On the day that the Supreme Court of the United States ruled in favour of Barack Obama's health-care plan, Environment Canada issued a nationwide Smug Alert.
You could see it floating across the border, a cloud of self-satisfaction with America's foibles. And who can blame us? It's nice to have something that the guy next door doesn't, especially when half his family really, really wants it but his crazy uncle screams blue murder every time he looks at it.
But before we go out and get our health cards framed, let's pause tomorrow, and celebrate this 4th of July by acknowledging what we all, in our hearts, know to be true: Americans have stuff that we want.
Everyone has their list of envies, tucked away in the back of their heads. I asked around. For instance, I'm told Americans have something called Dramamine ("like Gravol without the dopeyness"), and a fake-meat product from a place called Morningstar Farms ("Loudly, proudly synthetic, in a weirdly tasty way. Also very flammable"). The U.S. has milk in a jug, for jug fans. There's "Nordstrom Rack," which cleverly doesn't tell you exactly what's on the rack. Ties? Shoes? Prisoners?
I know what Americans have that I covet. Americans have reasonable cellphone contracts. Smartphones are not built to pass the test of time.
Their hardware and software slows to a sludgy halt after two years. That, coincidentally, is the length of most American contracts. Canadian contracts, on the other hand, last 17 years or until you cry, which ever comes first. Americans also have many cellphone providers, who compete for customers' business.
Americans have Waffle Houses, and we don't. Waffle Houses combine all the grease of your local greasy spoon (really very greasy) and endow it with the consistency and ubiquity of a franchised national operation. An all-night greasy spoon at every interchange! Canada, my friends, has a waffle-housing crisis. It is time for a national waffle-housing strategy.
Americans get a real working Internet, with the moving pictures and everything, delivered the way it was meant to be. This is because they make all the moving pictures themselves. Netflix Canada is a great service if you want to enjoy the entire six-year run of The Nanny. It's not really Netflix's fault that Canada is the place where digital content goes to die.
Licensing agreements hamstring everyone. Hulu, Pandora, Spotify, Amazon, Sony all grind to a halt at the border.
Weirdly, Americans get unsweetened iced tea.
Americans have nice drivers on their highways. The country that gave the world cars actually knows how to use them. I've driven America up and down, from the freeways of Los Angeles to the New Jersey Turnpike, from Illinois to Texas, and do you know where the drivers suddenly become terrifying? As soon as you cross the border into Ontario.
Are you merging onto an Interstate? Americans will pull over to let you in. On Ontario highways, driving instructors teach youth to throw their arms in the air and yell GERONIMO! as they plunge down the on ramp. It's the only way.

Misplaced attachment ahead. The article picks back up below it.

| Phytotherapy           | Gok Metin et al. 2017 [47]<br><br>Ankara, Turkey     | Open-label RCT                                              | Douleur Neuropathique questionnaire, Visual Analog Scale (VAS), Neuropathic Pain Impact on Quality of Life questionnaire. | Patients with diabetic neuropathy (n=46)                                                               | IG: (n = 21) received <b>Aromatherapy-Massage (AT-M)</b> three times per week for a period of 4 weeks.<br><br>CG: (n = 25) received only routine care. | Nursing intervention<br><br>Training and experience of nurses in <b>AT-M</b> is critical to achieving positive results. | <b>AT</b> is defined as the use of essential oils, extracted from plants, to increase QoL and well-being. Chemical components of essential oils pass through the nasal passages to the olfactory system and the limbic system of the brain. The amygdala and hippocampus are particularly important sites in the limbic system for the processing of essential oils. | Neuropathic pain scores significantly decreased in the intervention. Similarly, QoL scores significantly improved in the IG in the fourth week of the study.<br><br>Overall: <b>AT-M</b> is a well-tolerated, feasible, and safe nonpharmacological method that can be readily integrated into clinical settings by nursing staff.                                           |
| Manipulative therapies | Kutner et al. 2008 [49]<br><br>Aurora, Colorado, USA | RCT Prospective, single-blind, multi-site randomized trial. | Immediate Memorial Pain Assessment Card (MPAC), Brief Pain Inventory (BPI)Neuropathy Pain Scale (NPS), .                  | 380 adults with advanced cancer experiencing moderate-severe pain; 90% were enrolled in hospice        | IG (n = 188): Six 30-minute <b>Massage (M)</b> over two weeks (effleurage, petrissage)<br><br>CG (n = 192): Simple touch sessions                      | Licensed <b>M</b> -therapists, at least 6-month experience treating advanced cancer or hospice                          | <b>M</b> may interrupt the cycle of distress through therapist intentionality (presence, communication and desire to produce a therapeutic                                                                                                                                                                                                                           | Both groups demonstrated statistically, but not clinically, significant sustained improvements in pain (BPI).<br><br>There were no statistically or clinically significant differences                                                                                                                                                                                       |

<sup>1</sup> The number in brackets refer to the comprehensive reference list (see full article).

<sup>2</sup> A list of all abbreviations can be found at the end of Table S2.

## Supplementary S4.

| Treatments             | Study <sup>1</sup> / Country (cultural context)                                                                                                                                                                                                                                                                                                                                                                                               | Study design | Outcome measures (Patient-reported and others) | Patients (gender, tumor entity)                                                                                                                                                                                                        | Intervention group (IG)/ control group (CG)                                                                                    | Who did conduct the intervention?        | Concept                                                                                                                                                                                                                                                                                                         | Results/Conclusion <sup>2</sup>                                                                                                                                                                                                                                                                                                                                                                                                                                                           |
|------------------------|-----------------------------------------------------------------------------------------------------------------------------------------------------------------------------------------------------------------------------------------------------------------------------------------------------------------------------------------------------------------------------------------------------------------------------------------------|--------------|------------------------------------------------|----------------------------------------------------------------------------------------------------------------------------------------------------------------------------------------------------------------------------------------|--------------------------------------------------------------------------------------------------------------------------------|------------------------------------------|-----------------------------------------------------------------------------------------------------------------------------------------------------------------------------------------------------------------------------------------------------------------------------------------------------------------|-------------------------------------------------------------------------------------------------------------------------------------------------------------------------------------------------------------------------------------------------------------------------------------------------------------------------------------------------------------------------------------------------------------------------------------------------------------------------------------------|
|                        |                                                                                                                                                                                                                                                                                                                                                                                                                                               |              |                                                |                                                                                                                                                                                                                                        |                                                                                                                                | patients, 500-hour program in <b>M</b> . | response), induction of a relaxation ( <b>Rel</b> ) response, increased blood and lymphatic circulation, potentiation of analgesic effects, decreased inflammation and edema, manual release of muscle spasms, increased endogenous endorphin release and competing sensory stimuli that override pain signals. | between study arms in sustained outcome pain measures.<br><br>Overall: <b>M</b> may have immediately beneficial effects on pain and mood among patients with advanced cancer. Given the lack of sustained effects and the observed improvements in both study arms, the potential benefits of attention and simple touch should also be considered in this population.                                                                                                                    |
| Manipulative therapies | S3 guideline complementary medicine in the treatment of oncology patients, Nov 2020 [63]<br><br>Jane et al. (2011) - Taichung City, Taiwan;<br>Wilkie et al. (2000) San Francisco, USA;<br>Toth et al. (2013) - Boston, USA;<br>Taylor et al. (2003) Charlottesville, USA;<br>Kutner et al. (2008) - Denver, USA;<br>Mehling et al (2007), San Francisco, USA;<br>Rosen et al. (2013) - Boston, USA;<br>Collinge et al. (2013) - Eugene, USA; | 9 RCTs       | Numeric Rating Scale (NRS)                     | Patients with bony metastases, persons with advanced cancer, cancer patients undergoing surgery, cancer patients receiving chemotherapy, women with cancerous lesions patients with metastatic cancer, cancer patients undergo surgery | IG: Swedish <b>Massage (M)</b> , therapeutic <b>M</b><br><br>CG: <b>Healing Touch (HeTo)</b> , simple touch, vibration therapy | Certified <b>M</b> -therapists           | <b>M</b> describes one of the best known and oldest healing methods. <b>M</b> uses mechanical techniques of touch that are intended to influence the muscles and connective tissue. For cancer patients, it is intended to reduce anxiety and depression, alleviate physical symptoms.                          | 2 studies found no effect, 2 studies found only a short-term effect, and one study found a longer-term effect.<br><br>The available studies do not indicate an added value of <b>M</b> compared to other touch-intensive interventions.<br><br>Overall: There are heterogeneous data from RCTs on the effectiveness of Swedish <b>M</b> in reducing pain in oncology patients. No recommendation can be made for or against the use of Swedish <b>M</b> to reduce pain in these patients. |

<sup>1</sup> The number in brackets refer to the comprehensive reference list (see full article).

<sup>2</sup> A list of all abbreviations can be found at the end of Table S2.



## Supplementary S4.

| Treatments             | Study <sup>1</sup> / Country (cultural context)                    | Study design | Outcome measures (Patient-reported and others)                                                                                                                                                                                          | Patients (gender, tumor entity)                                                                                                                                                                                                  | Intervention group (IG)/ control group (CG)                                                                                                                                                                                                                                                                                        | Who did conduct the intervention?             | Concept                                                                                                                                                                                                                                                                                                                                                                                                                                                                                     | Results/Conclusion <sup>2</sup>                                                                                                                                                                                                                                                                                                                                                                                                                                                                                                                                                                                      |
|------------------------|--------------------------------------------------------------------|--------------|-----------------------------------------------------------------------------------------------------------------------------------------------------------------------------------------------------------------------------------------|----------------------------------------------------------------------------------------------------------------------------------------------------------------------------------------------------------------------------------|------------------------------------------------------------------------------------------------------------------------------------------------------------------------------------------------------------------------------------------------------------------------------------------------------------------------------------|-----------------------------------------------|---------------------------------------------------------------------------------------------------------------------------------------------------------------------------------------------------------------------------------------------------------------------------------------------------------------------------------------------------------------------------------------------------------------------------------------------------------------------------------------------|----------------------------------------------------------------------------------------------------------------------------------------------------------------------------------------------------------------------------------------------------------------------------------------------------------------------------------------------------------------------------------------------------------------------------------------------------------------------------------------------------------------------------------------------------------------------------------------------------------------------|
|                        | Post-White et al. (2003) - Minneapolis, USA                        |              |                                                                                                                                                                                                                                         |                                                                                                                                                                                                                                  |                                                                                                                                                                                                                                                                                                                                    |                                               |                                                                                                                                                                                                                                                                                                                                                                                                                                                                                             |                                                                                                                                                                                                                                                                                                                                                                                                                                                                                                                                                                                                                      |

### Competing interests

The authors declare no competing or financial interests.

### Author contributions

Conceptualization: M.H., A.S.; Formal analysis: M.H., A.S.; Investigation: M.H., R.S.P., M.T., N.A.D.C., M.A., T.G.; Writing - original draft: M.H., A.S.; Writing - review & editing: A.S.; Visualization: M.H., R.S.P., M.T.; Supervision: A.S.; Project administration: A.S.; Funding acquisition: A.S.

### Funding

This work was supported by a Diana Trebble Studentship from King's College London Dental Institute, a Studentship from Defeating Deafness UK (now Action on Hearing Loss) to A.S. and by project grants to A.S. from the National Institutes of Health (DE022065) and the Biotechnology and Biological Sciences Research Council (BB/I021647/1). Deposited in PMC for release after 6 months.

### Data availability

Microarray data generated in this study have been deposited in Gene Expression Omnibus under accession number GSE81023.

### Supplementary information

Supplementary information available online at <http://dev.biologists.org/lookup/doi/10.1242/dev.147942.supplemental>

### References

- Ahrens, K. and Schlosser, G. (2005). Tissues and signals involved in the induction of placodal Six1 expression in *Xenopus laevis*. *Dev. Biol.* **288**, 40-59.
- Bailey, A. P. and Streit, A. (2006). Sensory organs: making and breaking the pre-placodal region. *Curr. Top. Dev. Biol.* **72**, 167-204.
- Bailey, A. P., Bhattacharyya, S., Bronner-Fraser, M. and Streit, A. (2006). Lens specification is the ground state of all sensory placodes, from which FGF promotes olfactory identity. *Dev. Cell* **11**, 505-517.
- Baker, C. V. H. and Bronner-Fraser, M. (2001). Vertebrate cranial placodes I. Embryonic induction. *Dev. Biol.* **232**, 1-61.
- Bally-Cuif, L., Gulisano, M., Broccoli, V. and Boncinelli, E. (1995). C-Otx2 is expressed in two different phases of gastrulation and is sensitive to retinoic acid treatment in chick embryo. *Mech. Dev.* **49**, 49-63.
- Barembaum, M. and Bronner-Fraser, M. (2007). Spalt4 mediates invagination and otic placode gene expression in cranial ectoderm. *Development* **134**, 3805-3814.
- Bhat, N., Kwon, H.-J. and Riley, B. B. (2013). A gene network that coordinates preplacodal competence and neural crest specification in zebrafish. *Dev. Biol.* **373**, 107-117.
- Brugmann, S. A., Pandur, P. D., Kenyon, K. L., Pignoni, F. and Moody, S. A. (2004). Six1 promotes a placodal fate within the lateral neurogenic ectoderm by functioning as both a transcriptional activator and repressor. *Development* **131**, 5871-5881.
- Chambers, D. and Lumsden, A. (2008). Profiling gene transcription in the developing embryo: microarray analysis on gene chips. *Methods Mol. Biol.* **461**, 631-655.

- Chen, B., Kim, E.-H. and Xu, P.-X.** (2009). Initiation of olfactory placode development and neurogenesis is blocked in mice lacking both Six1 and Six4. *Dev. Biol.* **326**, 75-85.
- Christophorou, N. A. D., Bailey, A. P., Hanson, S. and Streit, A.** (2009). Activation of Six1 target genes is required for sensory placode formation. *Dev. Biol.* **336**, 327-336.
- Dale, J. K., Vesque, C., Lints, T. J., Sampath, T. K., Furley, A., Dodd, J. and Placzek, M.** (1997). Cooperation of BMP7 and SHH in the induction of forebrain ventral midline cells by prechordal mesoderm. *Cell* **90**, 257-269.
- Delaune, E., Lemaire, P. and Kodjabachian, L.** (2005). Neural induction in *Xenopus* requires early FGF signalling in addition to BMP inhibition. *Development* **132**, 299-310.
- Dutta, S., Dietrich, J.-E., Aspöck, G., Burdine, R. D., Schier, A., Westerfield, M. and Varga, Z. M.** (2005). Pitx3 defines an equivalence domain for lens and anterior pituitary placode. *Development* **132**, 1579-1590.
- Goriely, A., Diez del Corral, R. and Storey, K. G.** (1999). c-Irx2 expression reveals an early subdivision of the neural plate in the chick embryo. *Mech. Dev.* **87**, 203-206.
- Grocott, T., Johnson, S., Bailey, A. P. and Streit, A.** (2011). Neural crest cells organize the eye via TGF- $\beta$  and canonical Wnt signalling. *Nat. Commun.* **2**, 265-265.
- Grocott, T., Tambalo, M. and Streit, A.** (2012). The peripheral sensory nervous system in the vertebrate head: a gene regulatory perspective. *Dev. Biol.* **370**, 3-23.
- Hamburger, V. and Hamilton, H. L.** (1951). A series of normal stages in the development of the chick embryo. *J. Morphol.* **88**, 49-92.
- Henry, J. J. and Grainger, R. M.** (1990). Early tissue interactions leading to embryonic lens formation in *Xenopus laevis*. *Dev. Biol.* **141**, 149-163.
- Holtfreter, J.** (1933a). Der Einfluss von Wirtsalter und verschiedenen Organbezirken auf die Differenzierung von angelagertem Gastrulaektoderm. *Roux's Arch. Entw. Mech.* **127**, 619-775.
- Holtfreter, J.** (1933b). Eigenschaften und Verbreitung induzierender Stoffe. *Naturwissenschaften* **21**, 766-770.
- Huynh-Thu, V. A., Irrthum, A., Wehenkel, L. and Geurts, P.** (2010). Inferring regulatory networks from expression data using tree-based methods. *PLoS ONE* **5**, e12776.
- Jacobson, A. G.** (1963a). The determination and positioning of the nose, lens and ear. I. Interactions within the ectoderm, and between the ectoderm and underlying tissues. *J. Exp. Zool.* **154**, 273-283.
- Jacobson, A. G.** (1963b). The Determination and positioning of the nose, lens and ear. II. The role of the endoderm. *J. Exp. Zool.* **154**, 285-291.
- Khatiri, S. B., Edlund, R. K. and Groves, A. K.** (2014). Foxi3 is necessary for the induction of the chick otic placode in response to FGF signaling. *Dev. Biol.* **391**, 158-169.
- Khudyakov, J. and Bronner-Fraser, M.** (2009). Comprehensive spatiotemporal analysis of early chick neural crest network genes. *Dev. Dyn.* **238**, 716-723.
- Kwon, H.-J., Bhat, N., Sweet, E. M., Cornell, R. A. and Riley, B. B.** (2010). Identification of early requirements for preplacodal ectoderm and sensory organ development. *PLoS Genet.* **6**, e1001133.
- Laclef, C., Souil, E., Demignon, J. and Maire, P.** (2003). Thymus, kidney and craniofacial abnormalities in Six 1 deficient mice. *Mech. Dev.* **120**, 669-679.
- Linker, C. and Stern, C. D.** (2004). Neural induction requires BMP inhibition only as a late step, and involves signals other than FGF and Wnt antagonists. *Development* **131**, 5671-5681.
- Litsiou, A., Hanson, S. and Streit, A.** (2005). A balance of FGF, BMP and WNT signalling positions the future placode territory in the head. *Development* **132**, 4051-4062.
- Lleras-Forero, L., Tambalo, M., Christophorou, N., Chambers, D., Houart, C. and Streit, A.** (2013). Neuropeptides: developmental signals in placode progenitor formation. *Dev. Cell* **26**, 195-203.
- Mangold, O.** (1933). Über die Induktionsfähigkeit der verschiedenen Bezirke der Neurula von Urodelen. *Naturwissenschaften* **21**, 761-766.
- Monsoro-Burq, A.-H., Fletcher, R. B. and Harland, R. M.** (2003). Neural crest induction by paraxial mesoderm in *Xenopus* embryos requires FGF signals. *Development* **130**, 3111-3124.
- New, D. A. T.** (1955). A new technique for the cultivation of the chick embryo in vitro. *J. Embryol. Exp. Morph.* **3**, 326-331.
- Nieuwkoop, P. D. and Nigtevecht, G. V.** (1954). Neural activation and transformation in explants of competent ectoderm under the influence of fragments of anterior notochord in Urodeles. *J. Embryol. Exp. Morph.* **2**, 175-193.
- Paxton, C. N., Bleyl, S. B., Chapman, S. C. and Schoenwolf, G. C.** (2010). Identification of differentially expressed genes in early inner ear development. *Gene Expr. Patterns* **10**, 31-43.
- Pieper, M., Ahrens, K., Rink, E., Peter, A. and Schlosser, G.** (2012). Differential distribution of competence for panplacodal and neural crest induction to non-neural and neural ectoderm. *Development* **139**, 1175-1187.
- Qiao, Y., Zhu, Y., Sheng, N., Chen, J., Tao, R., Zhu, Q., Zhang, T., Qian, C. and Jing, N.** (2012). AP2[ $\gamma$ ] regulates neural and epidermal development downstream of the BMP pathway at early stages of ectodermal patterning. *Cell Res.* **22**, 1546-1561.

Americans have highways, period. The Interstate system is a wonder of the world. Canadians grudgingly twin their highways where populations demand it, trailing them off into ribbons of asphalt through the bush. Americans twin their highways because they're in America. It doesn't matter if you're at the farthest tip of northern Michigan, hundreds of miles away from anything resembling a city. You're in America now, and that blue sign is a pan-American seal of quality.
Americans have one-dollar pizza, if you go to New York; they also have New York, which is generally considered a plus. Americans have the spirit of competition and self-promotion, which also seem to be subject to some licensing restrictions, because we don't get them here. Americans like a soapbox, like a sales pitch, like a person who goes out there and tells you why he's top.
Americans have Hillary Clinton, who not only brings a muscular foreign policy, but is so in charge of things, someone started an Internet meme about how in charge of things she is.
Americans get WiFi on planes.
Americans get America.
They get its size, its scope. The more you travel America, the more you understand why Americans don't get out to see the world as much as they might, because their country is a world unto itself. If you like big cities – and I mean, really, truly big ones – you can get them any style you want! Metropolitan, metrosexual, tight, sprawling, postindustrial, historic, artificial-and-probably-doomed. Americans get up and go where the work is.
On the coast of Florida, in the middle of a housing bust, you can get your head around the fact that somehow these people pulled the country together and built rockets made of three million parts that made it all the way to the moon, even though they were using the Imperial system. (The Soviet moon rockets blew up over and over again. It was really something.)
Imagine it from the American perspective. It's one thing to know that man, in the abstract, went to the moon. It's another to know that it was you, your government, your parents, the guy down the road, that made that happen. Suddenly the place seems like a fortress of unlimited potential; invulnerable, if not insensate to the storms it has unleashed upon itself, if only the government could be fixed. Opinions on how to fix the government vary from person to person, which is usually the catch.
Canada and the United States are separated by the world's longest one-way mirror.
Americans look and see a slightly greyer version of themselves; Canadians survey the landscape and see the world's largest, best-armed shopping mall. We might do them a disservice that way; there are things, from here, we just don't get.
America is a service not available in Canada.